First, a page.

Page 135
then protect the sheep, if they can but persuade them to give up their dogs? Yes; the assembly would destroy all their own rights, and those of the people; and the proprietary partizans are become the champions for liberty! Let those who have faith now make use of it: for if it is rightly defined, the evidence of things not seen, certainly never was there more occasion for such evidence, the case being totally destitute of all other.
Page 175
_ Do you know whether there are any post-roads on that island? _A.
Page 176
I believe very little would come back.
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_ Does this reasoning hold in the case of a duty laid.
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(See the Journals of the House of Commons.
Page 221
This was trumpeted here by the minister for the colonies as a triumph; there it was considered only as a decent and equitable measure, showing a willingness to meet the mother-country in every advance towards a reconciliation; and this disposition to a good understanding was so prevalent, that possibly they might soon have relaxed in the article of tea also.
Page 231
In the first place, gentlemen, you are to consider, that a great empire, like a great cake, is most easily diminished at the edges.
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If others are justly complained of, protect and reward them.
Page 315
It is a mistake that many people who have credit fall into.
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He, who plucks out a tooth, parts with it freely, since the pain goes with it: and he, who quits the whole body, parts at once with all pains, and possibilities of pains and diseases, it was liable to, or capable of making him suffer.
Page 348
The galling chains, that bind his body, do also fetter his intellectual faculties, and impair the social affections of his heart.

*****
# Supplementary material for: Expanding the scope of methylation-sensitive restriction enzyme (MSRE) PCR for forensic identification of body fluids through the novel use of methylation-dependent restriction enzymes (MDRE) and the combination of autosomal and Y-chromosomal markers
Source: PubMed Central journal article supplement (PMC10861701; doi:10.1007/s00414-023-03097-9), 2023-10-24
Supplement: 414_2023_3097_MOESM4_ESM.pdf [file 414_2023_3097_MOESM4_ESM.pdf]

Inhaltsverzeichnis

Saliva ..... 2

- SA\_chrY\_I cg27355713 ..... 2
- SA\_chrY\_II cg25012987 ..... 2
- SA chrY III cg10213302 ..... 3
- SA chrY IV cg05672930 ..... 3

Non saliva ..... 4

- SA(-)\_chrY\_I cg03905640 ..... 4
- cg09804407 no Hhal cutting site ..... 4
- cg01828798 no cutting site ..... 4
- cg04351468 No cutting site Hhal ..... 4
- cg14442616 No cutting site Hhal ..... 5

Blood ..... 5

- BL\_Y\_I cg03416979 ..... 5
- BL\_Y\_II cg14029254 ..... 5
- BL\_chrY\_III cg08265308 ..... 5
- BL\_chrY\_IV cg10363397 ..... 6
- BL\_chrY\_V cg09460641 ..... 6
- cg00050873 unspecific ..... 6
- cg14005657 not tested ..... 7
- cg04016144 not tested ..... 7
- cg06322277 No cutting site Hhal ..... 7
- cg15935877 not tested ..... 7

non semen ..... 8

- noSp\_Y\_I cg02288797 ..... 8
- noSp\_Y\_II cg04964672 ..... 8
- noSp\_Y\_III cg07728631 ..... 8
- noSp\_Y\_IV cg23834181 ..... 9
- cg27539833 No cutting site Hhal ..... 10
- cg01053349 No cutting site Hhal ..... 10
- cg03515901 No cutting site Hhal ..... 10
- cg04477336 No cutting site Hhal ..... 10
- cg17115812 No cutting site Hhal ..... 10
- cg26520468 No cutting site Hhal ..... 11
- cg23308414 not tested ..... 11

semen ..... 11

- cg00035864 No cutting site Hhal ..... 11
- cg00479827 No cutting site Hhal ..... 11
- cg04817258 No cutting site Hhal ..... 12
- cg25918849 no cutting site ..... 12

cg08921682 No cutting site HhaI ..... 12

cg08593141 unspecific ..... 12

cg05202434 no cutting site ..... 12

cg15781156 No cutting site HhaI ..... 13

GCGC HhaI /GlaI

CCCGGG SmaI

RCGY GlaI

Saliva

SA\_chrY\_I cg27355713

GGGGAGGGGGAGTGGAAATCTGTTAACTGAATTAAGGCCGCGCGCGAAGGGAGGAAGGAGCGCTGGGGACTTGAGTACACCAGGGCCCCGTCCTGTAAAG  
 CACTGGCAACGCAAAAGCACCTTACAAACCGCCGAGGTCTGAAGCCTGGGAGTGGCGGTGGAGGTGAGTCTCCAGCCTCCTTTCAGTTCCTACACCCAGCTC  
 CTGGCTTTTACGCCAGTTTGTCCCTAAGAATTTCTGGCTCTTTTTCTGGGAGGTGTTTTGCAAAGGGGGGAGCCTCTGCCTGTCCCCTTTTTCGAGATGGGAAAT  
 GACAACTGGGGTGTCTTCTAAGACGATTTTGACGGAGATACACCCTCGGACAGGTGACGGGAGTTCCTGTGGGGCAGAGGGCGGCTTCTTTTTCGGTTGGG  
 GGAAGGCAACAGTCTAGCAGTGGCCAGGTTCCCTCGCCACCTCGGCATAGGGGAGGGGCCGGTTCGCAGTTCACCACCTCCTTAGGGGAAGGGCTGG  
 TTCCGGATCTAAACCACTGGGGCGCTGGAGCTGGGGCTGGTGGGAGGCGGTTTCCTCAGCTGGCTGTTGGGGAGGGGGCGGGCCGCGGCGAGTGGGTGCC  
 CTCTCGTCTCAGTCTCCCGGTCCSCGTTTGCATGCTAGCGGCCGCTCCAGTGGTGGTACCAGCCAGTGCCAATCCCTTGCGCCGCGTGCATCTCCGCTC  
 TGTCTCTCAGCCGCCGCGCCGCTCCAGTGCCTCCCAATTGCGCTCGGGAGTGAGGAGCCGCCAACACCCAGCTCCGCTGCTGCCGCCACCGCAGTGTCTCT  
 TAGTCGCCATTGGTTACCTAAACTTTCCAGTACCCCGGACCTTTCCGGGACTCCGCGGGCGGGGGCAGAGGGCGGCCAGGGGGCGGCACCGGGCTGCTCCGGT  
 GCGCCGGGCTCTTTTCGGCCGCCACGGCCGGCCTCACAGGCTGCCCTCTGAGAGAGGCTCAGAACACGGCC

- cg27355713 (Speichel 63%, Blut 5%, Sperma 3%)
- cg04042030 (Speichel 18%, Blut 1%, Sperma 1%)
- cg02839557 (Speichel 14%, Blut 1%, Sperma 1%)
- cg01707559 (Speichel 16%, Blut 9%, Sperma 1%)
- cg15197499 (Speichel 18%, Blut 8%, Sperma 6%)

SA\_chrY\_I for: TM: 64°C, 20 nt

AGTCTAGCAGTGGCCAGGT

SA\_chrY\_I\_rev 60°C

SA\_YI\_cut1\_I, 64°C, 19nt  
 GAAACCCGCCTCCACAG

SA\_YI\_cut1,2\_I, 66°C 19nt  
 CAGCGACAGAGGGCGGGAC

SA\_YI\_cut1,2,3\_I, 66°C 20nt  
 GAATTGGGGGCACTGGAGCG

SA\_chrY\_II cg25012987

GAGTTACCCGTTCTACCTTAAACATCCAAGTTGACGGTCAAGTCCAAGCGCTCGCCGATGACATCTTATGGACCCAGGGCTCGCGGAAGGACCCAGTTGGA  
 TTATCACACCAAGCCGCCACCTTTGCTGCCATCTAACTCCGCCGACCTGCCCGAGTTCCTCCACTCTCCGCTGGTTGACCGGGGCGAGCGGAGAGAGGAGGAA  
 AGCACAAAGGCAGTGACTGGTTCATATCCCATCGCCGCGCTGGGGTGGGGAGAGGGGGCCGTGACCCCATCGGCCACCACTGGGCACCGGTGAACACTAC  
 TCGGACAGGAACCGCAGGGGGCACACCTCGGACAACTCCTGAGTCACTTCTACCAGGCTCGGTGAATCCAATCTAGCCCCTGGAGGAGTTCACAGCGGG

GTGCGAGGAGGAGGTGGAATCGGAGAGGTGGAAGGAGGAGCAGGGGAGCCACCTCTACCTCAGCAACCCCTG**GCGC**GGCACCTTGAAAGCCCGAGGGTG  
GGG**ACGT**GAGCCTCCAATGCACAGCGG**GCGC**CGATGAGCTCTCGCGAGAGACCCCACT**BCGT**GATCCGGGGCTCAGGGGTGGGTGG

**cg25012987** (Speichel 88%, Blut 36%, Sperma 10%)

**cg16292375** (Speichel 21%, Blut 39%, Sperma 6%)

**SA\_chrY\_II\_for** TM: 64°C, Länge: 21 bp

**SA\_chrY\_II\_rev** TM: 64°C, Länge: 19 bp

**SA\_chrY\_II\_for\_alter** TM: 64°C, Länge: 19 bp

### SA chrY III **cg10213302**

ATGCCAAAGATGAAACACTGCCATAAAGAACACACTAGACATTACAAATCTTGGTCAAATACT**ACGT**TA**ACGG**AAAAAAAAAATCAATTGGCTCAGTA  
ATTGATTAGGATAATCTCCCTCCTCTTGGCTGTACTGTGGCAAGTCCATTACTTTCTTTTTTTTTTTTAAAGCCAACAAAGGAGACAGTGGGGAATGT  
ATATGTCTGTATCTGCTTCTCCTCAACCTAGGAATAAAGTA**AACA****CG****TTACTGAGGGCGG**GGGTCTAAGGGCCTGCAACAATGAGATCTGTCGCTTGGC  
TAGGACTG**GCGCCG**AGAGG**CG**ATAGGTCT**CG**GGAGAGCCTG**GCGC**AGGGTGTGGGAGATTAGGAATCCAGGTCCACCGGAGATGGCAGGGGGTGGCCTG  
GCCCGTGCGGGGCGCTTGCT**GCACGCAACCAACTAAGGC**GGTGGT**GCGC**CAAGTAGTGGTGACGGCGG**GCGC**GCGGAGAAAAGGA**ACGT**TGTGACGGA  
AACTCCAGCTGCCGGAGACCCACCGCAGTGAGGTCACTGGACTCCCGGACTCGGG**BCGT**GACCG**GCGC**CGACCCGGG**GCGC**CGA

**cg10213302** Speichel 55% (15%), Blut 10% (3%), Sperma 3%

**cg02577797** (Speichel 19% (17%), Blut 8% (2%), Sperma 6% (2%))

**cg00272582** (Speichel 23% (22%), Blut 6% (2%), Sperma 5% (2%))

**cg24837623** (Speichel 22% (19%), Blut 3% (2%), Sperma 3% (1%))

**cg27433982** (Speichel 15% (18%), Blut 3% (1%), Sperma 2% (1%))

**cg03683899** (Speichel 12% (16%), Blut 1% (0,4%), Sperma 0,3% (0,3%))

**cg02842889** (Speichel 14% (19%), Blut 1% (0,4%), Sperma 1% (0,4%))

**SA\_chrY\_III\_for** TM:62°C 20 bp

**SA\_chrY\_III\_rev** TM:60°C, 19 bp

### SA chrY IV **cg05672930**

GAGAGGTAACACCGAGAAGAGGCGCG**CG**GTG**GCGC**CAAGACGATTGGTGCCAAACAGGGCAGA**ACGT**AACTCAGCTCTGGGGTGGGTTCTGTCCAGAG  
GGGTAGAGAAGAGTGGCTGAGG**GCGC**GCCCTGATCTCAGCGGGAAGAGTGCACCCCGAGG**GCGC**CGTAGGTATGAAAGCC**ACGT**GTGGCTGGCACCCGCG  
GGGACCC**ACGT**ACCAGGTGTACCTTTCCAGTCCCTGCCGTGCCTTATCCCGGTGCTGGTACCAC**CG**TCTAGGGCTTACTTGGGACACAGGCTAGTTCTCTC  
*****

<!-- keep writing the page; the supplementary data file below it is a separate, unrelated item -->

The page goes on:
Page 356
But are these the sentiments of true Pensylvanians, of fellow-countrymen, or even of men, that have common sense or goodness? Is not the whole province one body, united by living under the same laws, and enjoying the same privileges? Are not the people of city and country connected as relations, both by blood and marriage, and in friendships equally dear? Are they not likewise united in interest, and mutually useful and necessary to each other? When the feet are wounded, shall the head say, it is not me; I will not trouble myself to contrive relief! Or if the head is in danger, shall the hands say, we are not affected, and therefore will lend no assistance! No.
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The _honour_ and _humanity_ of their officers may be judged of, by the treatment they gave poor captain Brown, whom they took with Martin's ship in returning from their cruize.
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They are the servants of the people, sent together to do the people's business and promote the public welfare; their powers must be sufficient, or their duties cannot be performed.
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169, 170.